Last Wednesday I returned from a 6-day canoe/portage trip in the interior of the 7,653 square kilometre Algonquin Park. Like most years, my trip to Algonquin Park contrasts that of other summer travel destinations.
Last year I camped at Algonquin Park shortly after taking a vacation in California. Living with only the bare necessities at Algonquin Park contrasted the radical consumerism, wealth, and appearance of wealth that dominates the Los Angeles lifestyle.
This year it was the excessive lifestyles of summer cottage dwellers that was at the forefront of my thoughts. On my 11-day kayak trip a few weeks ago, I witnessed countless “2-seater” speed boats racing along the water with their twin 400+ horsepower engines.
Nothing screams midlife crisis more than an 800 horsepower motor boat. I think I can understand the need for middle aged men to splurge on something while going through one of these crises, but seriously – couldn’t you just move to Thailand or bicycle across Canada? Do you really need to race around by yourself in an 800HP speed boat?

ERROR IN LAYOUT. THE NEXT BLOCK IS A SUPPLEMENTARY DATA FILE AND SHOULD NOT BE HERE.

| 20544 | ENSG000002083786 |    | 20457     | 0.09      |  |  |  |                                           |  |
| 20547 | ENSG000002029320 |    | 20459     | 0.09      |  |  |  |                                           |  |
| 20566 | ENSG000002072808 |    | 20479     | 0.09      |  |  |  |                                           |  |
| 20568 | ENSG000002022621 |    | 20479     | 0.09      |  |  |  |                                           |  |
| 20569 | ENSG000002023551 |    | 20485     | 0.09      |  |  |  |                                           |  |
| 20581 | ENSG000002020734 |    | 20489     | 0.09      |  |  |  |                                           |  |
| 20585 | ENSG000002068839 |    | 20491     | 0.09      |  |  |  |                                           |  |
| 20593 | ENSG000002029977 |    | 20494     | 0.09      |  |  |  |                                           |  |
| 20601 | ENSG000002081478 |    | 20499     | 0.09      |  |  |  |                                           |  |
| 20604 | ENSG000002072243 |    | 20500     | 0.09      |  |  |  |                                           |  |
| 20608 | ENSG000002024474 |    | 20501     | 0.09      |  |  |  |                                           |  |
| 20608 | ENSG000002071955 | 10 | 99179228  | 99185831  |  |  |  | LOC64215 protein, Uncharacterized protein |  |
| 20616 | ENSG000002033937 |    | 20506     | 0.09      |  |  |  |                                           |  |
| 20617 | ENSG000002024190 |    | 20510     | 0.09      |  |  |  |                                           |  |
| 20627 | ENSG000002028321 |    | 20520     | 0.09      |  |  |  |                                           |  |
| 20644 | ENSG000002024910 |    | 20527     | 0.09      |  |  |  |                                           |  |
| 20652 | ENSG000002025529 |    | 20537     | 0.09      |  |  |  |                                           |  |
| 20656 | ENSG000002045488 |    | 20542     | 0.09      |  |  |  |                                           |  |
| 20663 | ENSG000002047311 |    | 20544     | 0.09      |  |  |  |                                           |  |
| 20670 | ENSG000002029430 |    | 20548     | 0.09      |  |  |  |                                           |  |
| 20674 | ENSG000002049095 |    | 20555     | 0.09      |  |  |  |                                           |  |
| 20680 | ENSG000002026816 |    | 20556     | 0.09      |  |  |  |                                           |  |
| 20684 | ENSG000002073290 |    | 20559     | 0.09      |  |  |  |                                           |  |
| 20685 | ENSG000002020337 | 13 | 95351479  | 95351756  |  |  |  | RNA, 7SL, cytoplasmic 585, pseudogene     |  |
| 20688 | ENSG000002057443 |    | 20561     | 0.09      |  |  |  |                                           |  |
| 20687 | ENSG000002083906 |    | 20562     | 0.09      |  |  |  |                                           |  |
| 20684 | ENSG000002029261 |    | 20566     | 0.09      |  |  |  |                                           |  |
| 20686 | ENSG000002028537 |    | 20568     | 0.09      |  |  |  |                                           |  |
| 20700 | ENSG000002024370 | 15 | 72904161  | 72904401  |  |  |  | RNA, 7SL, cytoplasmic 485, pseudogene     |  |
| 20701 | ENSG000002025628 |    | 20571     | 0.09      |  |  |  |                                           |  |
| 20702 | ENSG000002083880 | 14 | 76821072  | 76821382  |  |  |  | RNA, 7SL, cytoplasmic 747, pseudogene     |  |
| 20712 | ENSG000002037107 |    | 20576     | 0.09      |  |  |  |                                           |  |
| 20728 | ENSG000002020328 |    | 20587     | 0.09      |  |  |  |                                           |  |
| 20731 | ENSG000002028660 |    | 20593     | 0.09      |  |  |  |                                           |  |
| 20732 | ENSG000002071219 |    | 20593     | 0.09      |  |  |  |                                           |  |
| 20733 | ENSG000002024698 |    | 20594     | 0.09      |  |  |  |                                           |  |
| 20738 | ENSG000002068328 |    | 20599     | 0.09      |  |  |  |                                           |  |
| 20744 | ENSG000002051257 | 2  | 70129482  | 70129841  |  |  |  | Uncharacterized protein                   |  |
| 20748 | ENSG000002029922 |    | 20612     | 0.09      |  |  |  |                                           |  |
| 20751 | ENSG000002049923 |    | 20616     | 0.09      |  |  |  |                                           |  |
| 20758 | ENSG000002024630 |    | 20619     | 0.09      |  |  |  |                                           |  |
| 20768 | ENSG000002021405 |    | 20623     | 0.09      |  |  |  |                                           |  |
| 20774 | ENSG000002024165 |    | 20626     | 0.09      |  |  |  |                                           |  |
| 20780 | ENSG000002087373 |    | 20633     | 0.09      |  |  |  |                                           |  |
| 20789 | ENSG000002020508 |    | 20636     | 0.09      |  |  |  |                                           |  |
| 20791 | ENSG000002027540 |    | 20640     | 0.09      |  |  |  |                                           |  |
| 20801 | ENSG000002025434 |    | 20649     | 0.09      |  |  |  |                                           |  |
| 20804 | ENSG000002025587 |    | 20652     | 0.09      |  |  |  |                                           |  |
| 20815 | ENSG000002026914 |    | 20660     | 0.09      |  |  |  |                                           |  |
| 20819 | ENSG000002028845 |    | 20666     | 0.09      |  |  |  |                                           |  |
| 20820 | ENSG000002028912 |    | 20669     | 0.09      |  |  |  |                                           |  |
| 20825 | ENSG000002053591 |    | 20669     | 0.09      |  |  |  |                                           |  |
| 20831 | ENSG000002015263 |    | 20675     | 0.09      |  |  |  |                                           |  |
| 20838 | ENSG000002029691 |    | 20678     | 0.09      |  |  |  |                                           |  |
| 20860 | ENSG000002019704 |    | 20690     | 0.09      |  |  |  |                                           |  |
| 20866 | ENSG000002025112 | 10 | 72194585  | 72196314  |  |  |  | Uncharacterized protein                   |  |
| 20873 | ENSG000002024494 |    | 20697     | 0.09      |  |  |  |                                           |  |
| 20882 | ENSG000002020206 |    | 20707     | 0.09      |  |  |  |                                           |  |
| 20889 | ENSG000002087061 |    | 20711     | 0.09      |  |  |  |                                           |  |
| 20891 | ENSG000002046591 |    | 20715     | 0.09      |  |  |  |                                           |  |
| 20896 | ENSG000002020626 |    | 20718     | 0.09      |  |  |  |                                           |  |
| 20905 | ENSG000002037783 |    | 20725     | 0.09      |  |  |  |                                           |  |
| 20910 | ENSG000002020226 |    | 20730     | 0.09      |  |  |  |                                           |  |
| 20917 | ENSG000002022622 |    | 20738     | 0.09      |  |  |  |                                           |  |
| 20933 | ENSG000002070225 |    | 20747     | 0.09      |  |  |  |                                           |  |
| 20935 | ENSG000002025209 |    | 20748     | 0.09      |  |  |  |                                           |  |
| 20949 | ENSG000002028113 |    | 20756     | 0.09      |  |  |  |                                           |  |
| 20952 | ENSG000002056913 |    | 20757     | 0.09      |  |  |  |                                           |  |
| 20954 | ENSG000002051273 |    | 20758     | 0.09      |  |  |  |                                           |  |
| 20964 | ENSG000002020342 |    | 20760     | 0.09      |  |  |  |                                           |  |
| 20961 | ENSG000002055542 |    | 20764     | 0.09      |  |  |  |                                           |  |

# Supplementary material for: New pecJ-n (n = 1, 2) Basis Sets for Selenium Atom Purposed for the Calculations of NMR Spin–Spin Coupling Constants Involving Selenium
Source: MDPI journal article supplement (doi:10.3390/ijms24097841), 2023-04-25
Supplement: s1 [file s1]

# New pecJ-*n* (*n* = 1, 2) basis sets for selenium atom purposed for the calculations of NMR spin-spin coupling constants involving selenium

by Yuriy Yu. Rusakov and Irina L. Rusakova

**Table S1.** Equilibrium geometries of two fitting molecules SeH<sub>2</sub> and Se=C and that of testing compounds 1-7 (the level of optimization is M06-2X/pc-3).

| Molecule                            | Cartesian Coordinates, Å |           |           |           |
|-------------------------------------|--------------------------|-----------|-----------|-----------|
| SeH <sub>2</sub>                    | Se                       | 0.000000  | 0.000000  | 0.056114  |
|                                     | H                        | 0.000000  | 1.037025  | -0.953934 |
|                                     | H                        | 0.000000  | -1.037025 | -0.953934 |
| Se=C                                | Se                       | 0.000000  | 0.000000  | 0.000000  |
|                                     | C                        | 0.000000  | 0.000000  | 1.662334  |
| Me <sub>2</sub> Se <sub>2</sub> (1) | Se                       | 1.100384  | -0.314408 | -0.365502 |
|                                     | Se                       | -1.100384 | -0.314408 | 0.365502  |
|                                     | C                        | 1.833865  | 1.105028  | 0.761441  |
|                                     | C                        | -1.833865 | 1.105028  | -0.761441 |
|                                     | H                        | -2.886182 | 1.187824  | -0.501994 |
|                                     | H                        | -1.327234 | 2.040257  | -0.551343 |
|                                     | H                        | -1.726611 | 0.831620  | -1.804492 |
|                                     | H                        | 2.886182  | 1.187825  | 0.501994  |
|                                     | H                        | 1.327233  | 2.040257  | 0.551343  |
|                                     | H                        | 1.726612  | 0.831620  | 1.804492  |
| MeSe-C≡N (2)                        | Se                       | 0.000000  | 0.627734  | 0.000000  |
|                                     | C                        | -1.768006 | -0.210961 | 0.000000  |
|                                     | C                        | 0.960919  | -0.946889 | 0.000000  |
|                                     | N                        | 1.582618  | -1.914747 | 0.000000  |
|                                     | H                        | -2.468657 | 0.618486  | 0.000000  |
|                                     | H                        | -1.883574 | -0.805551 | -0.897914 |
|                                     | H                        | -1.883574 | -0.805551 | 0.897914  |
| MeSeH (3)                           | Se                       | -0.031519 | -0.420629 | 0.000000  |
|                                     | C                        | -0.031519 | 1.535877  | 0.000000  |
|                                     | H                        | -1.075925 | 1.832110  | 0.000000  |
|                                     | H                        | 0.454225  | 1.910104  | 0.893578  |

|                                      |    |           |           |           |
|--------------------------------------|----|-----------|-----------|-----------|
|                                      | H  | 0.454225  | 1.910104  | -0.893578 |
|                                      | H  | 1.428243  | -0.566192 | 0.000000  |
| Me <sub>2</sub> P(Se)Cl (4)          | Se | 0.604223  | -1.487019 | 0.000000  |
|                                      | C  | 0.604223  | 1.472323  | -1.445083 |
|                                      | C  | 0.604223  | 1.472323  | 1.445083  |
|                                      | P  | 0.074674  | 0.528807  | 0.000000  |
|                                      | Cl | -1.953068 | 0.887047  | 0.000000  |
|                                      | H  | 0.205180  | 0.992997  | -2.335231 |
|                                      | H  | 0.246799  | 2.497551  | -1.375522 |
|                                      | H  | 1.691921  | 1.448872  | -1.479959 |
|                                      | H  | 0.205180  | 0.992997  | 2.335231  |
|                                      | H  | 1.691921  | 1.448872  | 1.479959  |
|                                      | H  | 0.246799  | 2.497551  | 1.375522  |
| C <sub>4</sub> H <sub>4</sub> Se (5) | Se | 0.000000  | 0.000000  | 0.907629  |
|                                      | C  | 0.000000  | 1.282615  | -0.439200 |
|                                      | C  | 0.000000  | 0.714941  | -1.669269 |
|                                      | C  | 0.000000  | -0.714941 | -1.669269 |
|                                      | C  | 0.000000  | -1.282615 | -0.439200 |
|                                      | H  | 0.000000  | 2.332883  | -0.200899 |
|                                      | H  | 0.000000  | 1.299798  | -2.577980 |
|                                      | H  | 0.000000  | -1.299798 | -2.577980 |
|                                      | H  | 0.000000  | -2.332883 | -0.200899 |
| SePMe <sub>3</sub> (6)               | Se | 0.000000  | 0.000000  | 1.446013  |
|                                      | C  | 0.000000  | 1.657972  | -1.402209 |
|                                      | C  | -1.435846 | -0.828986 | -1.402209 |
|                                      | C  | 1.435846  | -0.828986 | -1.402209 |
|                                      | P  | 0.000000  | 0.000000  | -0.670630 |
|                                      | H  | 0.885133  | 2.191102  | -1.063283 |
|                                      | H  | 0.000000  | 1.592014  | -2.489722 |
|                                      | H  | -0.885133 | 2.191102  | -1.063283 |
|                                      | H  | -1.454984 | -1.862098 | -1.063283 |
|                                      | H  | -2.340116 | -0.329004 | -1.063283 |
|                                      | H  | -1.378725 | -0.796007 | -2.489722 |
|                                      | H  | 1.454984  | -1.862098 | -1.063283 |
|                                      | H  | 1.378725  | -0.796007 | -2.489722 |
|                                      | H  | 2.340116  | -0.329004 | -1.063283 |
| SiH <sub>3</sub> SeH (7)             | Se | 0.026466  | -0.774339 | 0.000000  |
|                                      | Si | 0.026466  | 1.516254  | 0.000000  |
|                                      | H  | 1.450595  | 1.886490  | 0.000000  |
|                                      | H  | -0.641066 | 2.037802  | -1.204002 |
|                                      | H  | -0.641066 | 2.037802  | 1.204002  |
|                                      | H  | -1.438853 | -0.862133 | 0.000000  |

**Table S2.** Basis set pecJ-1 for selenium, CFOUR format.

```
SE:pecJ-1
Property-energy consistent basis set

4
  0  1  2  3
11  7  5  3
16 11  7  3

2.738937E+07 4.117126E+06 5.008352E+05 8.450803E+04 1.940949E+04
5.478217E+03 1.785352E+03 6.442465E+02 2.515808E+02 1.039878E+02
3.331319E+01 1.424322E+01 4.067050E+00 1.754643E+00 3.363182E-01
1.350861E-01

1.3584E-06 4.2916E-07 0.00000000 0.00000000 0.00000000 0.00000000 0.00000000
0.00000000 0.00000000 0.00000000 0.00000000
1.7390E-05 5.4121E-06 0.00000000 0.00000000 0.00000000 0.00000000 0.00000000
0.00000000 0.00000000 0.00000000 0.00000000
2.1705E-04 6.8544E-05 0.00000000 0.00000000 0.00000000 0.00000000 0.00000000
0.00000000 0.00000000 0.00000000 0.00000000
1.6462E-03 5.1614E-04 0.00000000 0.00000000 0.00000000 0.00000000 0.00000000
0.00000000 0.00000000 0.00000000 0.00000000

Spending a lot of time on “motor boats prohibited” lakes in Algonquin Park made me appreciate a side of nature that is removed by the thoughtless men who disrupt the peaceful tranquility of nature while discharging an inordinate amount of pollution and carbon into the air.
It’s common for me to question whether I truly need something when I consider a purchase. I couldn’t imagine trying to justify purchasing one of these boats – even if I had more money than I knew what to do with.
My dream is that some day everyone will ask themselves the same questions I ask when making a purchase of any size. Do I really need this? Is there an alternate option that is less harmful to the environment? Do I really need to out-do my neighbour?
These are the kinds of questions that will help our society change our wasteful way of living.
Each year I spend 6 days in the wilderness; and each year my appreciation for nature grows.
Henry David Thoreau once said, “In wildness is the preservation of the world”.
Following are my 15 favourite photos from this year’s Algonquin canoe trip. Let these photos serve as a reminder of the earth’s beauty in the absence of motorized vehicles:
All photos by James D. Schwartz / The Urban Country – Algonquin Park 2009